New research has found that a large percentage of Australian eight to 12-year-olds are being bullied and/or experiencing emotional difficulties and these children are falling behind their peers in numeracy and reading in the classroom.

The Murdoch Children's Research Institute's Centre for Adolescent Health has produced the Student Wellbeing, Engagement and Learning across the Middle Years report for the Federal Department of Education and Training.

According to the report, a substantial proportion of students in middle primary school (Years 3 to 5) are not tracking well. 20 per cent experience persistent emotional problems (like depression and anxiety), 20 per cent have behavioural problems, and around 10 per cent self-report low wellbeing.

More than 20 per cent of children in Years 3 to 5 are also being bullied across two or even three years. The statistics in the report come from a longitudinal study of more than 1200 Melbourne students the Childhood to Adolescence Transition Study (CATS).

CATS project leader, Murdoch Children's Professor George Patton said it is likely that every Year 3, 4 and 5 classroom in Australia has at least one child experiencing persistent bullying and/or emotional and behavioural issues.

"The report also clearly shows that these problems hamper a child's learning in Years 3 to 7," Prof Patton said. "Students with these problems fall about 12 months behind their peers in numeracy in the four years between Years 3 and 7 with similar, although smaller trends, in reading."

"One in six students disengage from school during the late primary years. A child's emotional well-being is central to both learning and engagement and should be a focus for all schools and teachers."

Prof Patton, who is also a Professor of Adolescent Health Research at the University of Melbourne, said these children were a high-risk group.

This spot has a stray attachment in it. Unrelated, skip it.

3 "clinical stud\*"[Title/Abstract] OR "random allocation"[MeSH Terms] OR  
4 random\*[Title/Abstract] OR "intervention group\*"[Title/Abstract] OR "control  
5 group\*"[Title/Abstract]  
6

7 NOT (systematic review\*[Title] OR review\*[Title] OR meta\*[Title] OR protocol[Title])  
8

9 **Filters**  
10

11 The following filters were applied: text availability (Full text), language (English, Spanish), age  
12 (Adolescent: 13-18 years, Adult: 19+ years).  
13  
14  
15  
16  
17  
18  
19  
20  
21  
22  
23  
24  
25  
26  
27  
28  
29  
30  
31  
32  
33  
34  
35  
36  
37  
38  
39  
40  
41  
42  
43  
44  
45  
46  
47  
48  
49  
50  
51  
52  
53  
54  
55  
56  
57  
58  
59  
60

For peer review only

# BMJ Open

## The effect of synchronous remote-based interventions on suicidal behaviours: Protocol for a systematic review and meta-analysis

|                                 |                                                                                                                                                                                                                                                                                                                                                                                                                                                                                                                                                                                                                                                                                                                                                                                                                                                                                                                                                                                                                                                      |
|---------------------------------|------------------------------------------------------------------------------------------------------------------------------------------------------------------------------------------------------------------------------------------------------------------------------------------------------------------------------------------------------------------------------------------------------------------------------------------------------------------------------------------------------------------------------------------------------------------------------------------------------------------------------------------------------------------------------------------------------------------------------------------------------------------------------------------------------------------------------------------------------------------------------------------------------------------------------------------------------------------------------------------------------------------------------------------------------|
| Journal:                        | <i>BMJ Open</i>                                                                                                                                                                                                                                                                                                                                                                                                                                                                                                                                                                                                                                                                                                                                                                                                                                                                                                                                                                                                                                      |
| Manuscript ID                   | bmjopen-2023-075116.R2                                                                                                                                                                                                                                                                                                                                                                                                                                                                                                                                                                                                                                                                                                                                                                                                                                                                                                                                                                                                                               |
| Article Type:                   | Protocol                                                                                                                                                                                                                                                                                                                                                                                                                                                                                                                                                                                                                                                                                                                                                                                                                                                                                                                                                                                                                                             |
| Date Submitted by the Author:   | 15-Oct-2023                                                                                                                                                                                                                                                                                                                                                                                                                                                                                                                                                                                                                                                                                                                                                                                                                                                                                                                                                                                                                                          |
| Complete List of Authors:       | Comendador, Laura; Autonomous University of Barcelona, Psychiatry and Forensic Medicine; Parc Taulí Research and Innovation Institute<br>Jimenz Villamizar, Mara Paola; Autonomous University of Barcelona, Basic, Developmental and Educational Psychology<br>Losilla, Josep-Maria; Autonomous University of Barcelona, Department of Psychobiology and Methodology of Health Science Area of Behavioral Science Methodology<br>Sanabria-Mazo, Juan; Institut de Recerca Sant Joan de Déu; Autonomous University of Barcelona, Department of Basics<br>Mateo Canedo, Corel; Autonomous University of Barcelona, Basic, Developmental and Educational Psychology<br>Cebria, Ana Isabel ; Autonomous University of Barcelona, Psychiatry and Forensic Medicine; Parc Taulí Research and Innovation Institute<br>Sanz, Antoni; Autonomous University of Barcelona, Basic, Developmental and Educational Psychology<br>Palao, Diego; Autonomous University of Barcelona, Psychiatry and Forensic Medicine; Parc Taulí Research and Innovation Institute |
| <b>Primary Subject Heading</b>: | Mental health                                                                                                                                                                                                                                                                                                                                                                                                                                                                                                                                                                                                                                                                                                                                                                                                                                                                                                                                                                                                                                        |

"The statistics also reveal that children suffering emotional and/or behavioural problems and bullying in primary years were more likely to disengage from learning in secondary school.

"Given that around half of students report some level of emotional problems and over one in five report persistent problems, it needs a greater emphasis in schools and educational policy," he said.

The report came up with five key recommendations to help children not flourishing in late primary school:

  • strengthen the curriculum to continue to build and develop social and emotional skills in children
  • promote and support teacher capabilities in this area (in-service and pre-service training). For example, by improving teachers' knowledge of emotional development across the middle years
  • prioritise policies and practices to promote wellbeing in order to create inclusive and positive social environments in which students can engage effectively with learning and interact positively with other students
  • form partnerships with families and develop strategies to maintain parental engagement about the social and emotional development of their children
  • ensure links with health service systems for students identified with persisting problems